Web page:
Americans across the country are demanding action on gun violence and white supremacist extremism, which has manifested in a decidedly anti-immigrant flare.
On Wednesday, Aug. 14, activists marched from All Saints Church to the Richard H. Chambers US Court of Appeals in West Pasadena to protest the Trump administration’s arguments to cancel the Temporary Protected Status for immigrants from six countries.
On Aug. 7, about 300 people mourned the victims of the recent mass shootings in Gilroy, El Paso, Texas, and Dayton, Ohio, during a candlelit vigil at Villa Parke in Northwest Pasadena.
And during an interfaith panel discussion on white supremacy on Aug. 5 at All Saints, Congressman Adam Schiff (D-Pasadena) said Gilroy, El Paso and Dayton weren’t just the latest mass shootings; they were acts of domestic terrorism. Increasingly, national security experts are concerned about the rise of this far-right extremism in the United States.
“There is no escaping the clear and present danger of white supremacist violence in the United States and the terrible urgency to confront it,” said Schiff. “Simply put, it’s domestic terrorism. Acts of unspeakable violence motivated by a hateful ideology which justifies them as a means to an end. It shouldn’t be hard or controversial to say that. After all, if the shooter in El Paso was Muslim, is there any question how the president would describe him?”
Schiff said the FBI is currently conducting 850 active domestic terrorism investigations.
“People are now feeling free to express themselves in the most hateful of ways because they hear the president doing it and don’t see an outcry,” Schiff added. Some Democratic presidential candidates have called Trump himself a racist and a white supremacist.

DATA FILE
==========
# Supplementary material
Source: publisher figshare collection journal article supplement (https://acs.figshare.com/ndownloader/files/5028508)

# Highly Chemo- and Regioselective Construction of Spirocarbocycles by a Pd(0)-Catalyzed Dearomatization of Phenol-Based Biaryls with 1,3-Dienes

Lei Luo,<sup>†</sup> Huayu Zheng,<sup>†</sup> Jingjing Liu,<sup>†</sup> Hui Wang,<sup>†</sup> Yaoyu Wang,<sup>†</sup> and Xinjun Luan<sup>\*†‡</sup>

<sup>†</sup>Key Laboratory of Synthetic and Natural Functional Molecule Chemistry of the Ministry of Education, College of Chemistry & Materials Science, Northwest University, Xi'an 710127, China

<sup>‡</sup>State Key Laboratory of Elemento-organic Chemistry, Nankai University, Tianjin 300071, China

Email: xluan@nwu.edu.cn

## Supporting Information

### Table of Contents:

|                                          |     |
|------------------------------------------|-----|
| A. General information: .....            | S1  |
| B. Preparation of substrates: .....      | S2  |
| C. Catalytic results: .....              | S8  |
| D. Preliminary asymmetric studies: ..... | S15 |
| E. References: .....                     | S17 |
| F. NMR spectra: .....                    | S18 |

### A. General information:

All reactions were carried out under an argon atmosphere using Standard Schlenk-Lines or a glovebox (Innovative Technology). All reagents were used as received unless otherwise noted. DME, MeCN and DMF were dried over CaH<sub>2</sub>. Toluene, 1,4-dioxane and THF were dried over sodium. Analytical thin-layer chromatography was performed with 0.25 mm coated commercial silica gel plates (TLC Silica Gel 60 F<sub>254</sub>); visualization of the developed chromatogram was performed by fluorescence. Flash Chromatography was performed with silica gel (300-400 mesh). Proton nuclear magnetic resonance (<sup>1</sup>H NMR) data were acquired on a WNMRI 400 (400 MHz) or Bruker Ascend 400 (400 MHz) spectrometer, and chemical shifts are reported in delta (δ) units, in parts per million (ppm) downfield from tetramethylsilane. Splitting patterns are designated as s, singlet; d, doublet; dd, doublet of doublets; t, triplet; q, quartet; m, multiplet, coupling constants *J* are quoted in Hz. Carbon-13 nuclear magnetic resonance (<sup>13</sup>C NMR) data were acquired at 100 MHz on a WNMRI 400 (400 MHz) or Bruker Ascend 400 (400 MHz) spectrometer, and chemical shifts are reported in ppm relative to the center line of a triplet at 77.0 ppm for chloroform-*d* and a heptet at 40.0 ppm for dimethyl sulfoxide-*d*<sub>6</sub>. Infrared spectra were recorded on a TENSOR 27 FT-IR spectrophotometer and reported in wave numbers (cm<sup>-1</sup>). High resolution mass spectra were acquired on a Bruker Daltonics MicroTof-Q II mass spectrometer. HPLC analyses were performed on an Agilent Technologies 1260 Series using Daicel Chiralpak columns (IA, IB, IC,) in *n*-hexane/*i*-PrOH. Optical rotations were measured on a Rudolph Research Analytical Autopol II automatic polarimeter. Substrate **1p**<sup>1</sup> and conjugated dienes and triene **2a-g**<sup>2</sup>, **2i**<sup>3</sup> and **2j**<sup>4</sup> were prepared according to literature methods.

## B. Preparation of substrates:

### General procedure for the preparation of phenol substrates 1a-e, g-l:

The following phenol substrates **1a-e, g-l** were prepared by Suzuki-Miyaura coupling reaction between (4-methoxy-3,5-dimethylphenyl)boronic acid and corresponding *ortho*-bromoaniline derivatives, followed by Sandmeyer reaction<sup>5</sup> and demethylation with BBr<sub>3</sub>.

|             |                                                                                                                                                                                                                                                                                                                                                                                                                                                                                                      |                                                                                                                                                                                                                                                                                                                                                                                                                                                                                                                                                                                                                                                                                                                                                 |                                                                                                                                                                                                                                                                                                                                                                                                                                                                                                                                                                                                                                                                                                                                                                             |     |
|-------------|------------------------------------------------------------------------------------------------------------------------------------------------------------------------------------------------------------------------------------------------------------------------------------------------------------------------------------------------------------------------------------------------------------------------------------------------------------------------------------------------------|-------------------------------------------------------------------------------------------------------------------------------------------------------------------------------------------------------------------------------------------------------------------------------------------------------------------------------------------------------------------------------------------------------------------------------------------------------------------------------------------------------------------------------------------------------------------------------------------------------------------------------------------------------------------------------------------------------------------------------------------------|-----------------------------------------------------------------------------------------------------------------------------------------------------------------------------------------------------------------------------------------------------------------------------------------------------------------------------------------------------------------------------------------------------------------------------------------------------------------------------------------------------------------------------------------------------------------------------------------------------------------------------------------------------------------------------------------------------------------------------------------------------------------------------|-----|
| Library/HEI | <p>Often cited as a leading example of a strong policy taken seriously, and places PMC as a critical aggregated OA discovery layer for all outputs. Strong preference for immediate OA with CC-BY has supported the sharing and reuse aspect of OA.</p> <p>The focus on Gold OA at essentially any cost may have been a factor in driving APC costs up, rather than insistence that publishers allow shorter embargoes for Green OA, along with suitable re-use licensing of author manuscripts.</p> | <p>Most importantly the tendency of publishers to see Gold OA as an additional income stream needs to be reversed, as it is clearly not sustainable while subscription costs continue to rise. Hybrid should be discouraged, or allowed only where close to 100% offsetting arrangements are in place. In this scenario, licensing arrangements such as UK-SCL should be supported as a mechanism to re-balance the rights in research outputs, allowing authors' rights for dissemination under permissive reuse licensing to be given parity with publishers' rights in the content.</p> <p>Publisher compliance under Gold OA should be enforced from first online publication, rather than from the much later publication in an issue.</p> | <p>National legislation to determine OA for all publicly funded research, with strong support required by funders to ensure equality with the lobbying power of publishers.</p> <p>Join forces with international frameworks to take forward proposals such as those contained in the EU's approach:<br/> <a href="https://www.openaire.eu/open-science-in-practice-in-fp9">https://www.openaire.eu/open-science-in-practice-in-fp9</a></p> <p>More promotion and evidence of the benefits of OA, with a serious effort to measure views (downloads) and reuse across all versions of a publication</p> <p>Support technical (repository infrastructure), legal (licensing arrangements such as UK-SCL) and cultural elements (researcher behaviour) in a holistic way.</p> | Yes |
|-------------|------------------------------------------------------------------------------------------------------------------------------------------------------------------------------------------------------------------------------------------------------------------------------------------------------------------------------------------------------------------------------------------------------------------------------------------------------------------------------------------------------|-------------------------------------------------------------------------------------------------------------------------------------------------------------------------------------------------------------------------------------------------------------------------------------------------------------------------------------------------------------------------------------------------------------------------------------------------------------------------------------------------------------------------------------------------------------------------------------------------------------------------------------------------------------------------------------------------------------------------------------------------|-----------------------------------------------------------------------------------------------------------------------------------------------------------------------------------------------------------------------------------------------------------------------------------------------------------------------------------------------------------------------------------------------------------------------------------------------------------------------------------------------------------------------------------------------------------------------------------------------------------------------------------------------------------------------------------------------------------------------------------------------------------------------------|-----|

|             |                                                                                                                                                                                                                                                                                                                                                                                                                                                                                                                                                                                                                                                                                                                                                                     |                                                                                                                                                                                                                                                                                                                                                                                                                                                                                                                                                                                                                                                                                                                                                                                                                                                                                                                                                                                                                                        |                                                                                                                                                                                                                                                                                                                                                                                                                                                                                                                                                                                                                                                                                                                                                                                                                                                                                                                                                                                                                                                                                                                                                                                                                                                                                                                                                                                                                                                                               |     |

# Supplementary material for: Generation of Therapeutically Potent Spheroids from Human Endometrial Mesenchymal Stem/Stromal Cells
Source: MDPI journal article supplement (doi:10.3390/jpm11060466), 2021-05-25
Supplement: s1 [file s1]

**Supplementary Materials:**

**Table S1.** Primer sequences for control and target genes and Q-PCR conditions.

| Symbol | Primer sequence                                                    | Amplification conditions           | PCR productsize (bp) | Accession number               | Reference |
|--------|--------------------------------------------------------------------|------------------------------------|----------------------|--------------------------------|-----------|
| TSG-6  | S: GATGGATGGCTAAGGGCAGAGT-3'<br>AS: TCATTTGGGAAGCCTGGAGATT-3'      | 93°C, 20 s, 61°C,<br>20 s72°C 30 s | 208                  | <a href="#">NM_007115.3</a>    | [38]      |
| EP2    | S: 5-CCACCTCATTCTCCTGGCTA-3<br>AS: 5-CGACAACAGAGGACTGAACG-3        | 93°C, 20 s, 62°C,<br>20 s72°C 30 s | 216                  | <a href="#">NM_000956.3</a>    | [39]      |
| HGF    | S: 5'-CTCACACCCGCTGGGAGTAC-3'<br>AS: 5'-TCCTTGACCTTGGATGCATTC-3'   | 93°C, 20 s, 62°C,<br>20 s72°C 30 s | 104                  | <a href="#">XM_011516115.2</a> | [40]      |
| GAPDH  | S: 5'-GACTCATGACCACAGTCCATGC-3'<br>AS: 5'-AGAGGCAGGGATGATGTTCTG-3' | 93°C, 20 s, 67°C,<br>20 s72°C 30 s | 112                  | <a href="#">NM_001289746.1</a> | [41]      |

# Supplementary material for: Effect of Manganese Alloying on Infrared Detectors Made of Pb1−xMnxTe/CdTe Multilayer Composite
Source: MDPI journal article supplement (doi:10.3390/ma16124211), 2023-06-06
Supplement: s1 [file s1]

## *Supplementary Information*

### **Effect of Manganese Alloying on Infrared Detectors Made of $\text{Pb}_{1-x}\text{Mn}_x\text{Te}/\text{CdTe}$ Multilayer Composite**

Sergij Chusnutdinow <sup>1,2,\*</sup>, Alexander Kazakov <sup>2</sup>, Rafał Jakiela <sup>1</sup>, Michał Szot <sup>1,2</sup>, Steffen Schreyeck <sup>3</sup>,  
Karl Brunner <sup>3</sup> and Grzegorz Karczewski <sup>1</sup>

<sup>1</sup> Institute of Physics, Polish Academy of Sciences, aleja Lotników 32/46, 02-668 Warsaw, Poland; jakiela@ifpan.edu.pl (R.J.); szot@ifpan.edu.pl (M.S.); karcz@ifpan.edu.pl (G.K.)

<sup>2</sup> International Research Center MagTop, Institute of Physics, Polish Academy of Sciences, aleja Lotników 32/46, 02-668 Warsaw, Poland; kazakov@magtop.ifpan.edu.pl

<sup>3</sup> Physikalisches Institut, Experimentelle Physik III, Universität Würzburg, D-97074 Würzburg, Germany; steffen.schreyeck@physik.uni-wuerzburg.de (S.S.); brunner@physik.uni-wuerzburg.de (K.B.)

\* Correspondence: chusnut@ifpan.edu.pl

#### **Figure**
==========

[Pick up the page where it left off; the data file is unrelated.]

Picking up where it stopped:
The 21-year-old El Paso shooter, who drove 10 hours on Aug. 3 to kill 22 people and injure 24 in a Walmart, told law enforcement officials that he was specifically targeting Mexicans. He also used language in his manifesto that echoed President Trump’s anti-immigrant rhetoric, such as calling immigrants “invaders.”
It was the largest anti-Latino shooting in modern American history. The Latino community across the country feels under attack. Other countries are now issuing travel warnings to their citizens about the United States. Mexico vowed to take legal action against the United States for failing to protect the eight Mexican nationals who were killed in El Paso.
‘Enough is Enough’
“The events of this weekend show how vulnerable we are in Pasadena,” Jennipha-Lauren Nielsen, who organized the Villa Parke vigil, wrote on the event webpage. “We must remain strong in our commitment against white supremacy. That is El Paso’s strength. Nothing will change that. Today, we must reaffirm our commitment to that strength. And we must redouble our commitment to defeat the vile worldview of white supremacy.”
The Villa Parke vigil was sponsored by the Refugee and Immigrant Center for Education and Legal Services (RAICES) and the National Day Laborer Organizing Network (NDLON). Friends In Deed Executive Director Rabbi Joshua Levine Grater and NDLON Executive Director Pablo Alvarado delivered remarks, in addition to Nielsen. Pasadena Mayor Terry Tornek and his wife Maria were also in attendance, as were District 5 City Council member Victor Gordo and Police Chief John Perez.
Peter Dreier, an urban and environmental policy professor at Occidental College, wrote on Facebook that people attended the vigil to “protest white supremacy, mistreatment of immigrants, rampant gun violence and Donald Trump. The crowd was wonderfully diverse by race, ethnicity, age and faith traditions. We sang together in Spanish and English, including Leonard Cohen’s inspiring ‘Hallelujah.’ The next steps will include trips to the border, a march to the federal courthouse in Pasadena and vigils at the local detention center. Si se puede!”
The same day as the Pasadena vigil, Aug. 7, US Immigration and Customs Enforcement (ICE) agents raided several food processing plants across Mississippi and arrested 680 undocumented workers — but not the managers who hired them — just four days after the El Paso shooter targeted Latinos. It was the largest workplace raid in at least a decade. ICE did not inform Trump about the raid ahead of time, afraid that he would speak publicly about it like he did before other planned raids.